I say keep the sexy, it’s fun and I think I heard somewhere that it sells. And frankly we need more smart and sexy in the same package. If people don’t like it there are other blogs for them to read.

  12. seaducer: I think what Carrie meant is not that we’re all cheerleaders (which we are in a sense), but that some people see the Skepchicks as cheerleaders while the men of the movement are the ones really playing the game. IOW the women are sidelined and just used to attract attention.

    That may very well be true in some peoples’ minds.

    I read a lot of skeptic blogs, and Skepchick is one of my favorites. The content here is really good, there are lots of different opinions, and I find that I get to hear viewpoints that are not only different from mine but also from a POV that may not have occurred to me because my background is different than the authors’.

    And I’m not a woman, so right away that’s an important aspect of the opinions here. If I have a blind spot on some issue because of my gender (or race or education or economic status or political affiliation), then I need to know about it. I’m glad this place exists.

    I don’t read Skepchicks because the women here are hot, I read it because of what I said above. The content here is good. That’s the first and best criterion for me to read something.

    I don’t know exactly why there is such an imbalance of men versus women in the skeptic movement. Maybe it’s because it attracted stereotypical science/scifi/geek guys twenty years ago when it got started, and it’s only in recent times that it’s become cool for women to be geeks too. Every year I see more women at TAM, and DragonCon was close to 50/50.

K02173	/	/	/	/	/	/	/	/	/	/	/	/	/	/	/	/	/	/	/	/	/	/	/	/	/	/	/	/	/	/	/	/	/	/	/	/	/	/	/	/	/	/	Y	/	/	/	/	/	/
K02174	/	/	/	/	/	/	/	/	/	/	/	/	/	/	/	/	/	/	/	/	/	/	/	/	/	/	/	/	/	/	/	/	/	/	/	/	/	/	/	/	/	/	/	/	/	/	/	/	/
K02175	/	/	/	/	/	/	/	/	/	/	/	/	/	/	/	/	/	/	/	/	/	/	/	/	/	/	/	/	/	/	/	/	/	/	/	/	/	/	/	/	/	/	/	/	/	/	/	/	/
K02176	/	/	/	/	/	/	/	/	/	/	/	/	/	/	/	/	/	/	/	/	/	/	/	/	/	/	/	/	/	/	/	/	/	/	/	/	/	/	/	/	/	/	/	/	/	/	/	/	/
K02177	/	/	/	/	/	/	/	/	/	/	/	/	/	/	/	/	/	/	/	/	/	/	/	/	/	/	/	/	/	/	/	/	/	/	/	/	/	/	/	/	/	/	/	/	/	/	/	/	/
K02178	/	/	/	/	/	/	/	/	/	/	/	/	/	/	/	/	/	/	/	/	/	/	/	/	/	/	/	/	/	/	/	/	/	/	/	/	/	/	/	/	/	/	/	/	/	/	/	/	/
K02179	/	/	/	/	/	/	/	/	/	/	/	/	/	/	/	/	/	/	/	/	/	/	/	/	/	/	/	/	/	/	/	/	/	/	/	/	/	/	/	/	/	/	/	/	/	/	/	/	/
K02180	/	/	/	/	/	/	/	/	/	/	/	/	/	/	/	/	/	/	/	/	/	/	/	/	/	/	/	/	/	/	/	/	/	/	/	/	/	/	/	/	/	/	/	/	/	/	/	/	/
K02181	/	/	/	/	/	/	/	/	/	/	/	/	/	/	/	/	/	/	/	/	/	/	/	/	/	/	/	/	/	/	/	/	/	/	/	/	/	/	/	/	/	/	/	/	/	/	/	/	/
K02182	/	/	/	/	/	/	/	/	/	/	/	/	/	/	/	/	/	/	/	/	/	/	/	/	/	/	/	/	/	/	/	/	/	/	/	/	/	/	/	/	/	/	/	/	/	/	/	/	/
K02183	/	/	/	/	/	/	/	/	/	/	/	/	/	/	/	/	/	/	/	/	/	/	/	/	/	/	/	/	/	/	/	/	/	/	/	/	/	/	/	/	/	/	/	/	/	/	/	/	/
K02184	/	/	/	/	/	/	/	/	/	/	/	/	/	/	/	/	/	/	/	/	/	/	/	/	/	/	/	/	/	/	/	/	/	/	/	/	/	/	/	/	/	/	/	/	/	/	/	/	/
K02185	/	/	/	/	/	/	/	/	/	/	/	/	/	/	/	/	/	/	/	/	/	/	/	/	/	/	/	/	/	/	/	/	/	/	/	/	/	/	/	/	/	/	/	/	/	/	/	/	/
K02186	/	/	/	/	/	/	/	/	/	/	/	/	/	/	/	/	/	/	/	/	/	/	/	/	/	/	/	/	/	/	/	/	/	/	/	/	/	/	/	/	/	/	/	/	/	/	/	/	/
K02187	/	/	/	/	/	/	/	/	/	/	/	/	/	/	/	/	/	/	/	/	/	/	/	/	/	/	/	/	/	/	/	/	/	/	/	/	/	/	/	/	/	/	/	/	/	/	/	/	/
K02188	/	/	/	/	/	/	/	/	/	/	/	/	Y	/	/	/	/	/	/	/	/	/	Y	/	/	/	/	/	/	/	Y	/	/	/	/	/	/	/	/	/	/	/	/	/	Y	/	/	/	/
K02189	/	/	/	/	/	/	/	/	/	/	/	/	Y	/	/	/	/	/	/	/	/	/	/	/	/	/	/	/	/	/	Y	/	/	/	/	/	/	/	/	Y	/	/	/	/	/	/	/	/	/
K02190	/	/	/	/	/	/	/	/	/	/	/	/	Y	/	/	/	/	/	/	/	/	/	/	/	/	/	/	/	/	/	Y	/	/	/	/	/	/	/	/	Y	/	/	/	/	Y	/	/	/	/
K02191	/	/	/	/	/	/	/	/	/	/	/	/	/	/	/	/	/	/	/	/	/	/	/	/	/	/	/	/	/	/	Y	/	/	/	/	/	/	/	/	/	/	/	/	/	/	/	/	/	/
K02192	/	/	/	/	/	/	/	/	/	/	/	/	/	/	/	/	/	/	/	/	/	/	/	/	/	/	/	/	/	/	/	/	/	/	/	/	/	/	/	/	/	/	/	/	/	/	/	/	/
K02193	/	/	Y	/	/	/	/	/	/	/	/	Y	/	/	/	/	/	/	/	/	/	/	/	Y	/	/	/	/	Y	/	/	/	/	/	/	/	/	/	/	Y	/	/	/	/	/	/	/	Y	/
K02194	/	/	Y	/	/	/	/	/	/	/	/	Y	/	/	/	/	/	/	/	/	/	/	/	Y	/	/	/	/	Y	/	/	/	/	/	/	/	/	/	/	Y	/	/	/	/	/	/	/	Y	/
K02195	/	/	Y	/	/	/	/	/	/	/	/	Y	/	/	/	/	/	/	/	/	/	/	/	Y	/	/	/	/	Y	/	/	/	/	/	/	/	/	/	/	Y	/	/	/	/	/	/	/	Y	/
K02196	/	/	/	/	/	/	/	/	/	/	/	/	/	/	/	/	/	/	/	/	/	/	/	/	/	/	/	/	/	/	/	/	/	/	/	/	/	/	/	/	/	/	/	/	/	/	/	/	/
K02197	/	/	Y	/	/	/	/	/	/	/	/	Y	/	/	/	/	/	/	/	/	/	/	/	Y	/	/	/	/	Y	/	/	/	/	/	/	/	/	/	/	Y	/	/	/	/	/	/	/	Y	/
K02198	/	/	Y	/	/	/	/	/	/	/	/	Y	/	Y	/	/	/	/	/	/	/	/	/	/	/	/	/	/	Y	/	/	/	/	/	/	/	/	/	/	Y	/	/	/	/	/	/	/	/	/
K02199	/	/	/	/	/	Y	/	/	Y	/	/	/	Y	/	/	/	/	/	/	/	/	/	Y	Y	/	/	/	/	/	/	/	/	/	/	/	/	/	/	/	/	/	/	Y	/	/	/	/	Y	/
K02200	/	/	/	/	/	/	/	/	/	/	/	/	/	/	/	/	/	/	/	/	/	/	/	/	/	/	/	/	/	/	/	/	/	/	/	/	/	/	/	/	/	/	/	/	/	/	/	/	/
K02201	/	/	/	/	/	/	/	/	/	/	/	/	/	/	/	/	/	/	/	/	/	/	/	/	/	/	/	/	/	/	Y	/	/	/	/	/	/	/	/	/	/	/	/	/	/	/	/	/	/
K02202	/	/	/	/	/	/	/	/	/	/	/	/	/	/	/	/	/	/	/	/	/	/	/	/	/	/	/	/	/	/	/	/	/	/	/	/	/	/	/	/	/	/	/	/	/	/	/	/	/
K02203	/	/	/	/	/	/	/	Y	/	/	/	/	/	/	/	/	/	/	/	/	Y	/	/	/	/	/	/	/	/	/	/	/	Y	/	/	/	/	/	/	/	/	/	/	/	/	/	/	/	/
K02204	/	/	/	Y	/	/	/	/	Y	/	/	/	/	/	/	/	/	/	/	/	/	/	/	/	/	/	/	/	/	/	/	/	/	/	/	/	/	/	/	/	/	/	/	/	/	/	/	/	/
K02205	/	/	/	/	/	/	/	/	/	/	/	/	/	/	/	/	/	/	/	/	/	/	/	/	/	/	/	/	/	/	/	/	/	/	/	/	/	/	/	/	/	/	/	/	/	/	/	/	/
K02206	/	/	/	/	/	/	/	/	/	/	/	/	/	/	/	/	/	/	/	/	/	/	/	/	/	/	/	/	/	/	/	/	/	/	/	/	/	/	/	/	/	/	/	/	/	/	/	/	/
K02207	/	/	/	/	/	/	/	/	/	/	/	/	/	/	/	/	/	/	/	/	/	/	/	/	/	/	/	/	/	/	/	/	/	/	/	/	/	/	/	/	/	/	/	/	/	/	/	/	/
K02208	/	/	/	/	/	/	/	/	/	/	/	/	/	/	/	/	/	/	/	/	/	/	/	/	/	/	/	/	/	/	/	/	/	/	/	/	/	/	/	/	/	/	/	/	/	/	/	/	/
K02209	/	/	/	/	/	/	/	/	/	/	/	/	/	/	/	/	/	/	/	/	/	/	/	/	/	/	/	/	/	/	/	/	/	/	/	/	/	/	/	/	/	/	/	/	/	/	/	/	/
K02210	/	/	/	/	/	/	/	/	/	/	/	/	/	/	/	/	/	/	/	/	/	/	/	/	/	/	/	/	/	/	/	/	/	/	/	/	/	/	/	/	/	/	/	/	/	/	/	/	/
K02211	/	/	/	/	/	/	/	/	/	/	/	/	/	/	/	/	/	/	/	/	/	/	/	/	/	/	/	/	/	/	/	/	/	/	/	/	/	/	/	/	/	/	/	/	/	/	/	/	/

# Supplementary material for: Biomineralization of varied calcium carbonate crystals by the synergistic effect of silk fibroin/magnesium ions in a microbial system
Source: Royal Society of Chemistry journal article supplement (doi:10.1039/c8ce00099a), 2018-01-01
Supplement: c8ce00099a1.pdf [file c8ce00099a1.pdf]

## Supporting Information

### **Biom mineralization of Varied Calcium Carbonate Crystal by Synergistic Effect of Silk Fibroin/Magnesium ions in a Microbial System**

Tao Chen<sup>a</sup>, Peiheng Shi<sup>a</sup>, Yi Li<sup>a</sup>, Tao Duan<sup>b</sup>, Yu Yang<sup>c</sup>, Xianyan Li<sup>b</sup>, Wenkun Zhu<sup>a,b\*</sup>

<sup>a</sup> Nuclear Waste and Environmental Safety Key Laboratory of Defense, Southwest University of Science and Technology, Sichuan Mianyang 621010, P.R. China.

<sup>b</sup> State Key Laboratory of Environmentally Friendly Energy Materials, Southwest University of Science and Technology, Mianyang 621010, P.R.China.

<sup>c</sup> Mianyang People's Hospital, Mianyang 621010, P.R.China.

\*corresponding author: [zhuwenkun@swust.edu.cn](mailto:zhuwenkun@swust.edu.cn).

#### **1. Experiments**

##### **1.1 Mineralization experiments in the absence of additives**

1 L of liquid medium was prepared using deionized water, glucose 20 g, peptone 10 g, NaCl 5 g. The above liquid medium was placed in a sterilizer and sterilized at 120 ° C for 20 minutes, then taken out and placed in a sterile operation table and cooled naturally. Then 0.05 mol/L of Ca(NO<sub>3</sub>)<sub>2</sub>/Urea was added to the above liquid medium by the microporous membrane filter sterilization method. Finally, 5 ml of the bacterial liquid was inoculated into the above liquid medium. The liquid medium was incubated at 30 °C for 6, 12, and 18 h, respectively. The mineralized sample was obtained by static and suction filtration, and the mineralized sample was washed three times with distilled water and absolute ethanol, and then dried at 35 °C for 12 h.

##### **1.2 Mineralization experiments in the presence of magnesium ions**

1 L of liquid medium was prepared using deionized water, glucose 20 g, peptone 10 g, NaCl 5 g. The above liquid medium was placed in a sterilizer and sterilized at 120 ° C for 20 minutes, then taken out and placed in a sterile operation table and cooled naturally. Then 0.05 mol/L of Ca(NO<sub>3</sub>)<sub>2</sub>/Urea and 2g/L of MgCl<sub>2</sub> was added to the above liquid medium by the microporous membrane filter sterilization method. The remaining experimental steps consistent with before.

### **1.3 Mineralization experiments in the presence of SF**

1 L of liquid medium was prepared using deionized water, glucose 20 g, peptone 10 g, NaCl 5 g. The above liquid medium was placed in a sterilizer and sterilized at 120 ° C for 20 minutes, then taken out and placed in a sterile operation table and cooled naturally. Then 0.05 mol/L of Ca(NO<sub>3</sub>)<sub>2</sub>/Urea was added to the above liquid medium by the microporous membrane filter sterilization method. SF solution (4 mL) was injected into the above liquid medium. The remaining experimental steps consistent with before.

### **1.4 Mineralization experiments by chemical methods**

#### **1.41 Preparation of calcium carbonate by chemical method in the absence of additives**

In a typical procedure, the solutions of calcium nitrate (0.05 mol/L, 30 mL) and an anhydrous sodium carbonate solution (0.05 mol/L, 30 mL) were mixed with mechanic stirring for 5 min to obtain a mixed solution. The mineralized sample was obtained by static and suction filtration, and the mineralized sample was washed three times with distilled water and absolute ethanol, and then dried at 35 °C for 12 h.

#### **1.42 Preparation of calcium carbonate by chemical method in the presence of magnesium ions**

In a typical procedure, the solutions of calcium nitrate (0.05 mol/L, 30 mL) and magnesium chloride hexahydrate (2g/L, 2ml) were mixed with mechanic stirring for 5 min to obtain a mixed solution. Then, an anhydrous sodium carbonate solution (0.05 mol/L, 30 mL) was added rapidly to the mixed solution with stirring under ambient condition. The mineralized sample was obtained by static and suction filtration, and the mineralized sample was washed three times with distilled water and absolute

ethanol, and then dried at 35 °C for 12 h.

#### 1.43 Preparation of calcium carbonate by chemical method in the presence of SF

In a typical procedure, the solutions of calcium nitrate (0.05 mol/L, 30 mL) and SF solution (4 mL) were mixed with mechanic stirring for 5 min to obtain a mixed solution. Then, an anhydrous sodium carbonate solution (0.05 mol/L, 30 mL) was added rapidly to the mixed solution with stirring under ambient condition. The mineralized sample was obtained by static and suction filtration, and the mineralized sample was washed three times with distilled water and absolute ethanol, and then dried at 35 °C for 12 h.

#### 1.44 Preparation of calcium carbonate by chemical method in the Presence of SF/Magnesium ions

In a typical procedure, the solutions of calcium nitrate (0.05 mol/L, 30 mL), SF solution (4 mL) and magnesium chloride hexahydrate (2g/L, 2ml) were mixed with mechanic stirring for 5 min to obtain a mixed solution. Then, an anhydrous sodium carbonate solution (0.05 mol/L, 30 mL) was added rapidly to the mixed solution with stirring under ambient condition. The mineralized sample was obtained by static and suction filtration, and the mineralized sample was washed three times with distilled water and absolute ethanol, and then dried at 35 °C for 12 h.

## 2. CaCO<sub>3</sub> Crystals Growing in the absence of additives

I find that very heartening. Breaking boundaries and shattering old paradigms is part of what skepticism is all about. The Skepchicks here are doing just that.

  13. Thanks for the great post. This is something that I have definitely been thinking about. I do find the sceptical movement intimidating at times. I have been on so many forums where all you get is constant tedious one-upmanship. On several occasions I have seen some poor newbie being attacked for falling for some logical fallacy even though they had stated that they were new to science and scepticism. Debate and the occasional argument is great, but so is supporting each other or using a little gentle criticism.

    I do sometimes find it hard to be taken seriously because in some ways I am quite girly (I don’t giggle all the time or fall out of my top, but I like glittery nail varnish, handbags and have a worrying fondness for Hello Kitty). But I am also intelligent, well-educated, sceptical and extremely bloody-minded. I am quite techy and can be geeky at times. I kind of feel that sometimes the more masculine women get taken more seriously, but I guess that has always been true that it helps to become more like men if you want to be taken seriously. I must remember not to take my Hello Kitty bag to any sceptical events! ;o)

    I really like this blog, because it takes scepticism seriously, but doesn’t take itself too seriously.

  14. I’ve been following this blog for a number of months now. First of all, I want to say that, as a mature male, I’ve found that around half of the people I deal with on a daily basis are actually female. In my opinion, that makes their problems my problems. Therefore, it doesn’t bother me when “women’s issues” are addressed, because they’re ALREADY “people’s issues”.

    Let’s face it, both women and men are being targeted by conmen trying to get us to enlarge certain parts of our anatomy. Certainly we can bond over that.

  15. Not to twist the subject away from feminism (and me of all commenters to do so), but I’d also like to chime in and say “the skeptic movement” evokes bowel imagery. …And makes it okay to poke fun at god on the sides of UK buses.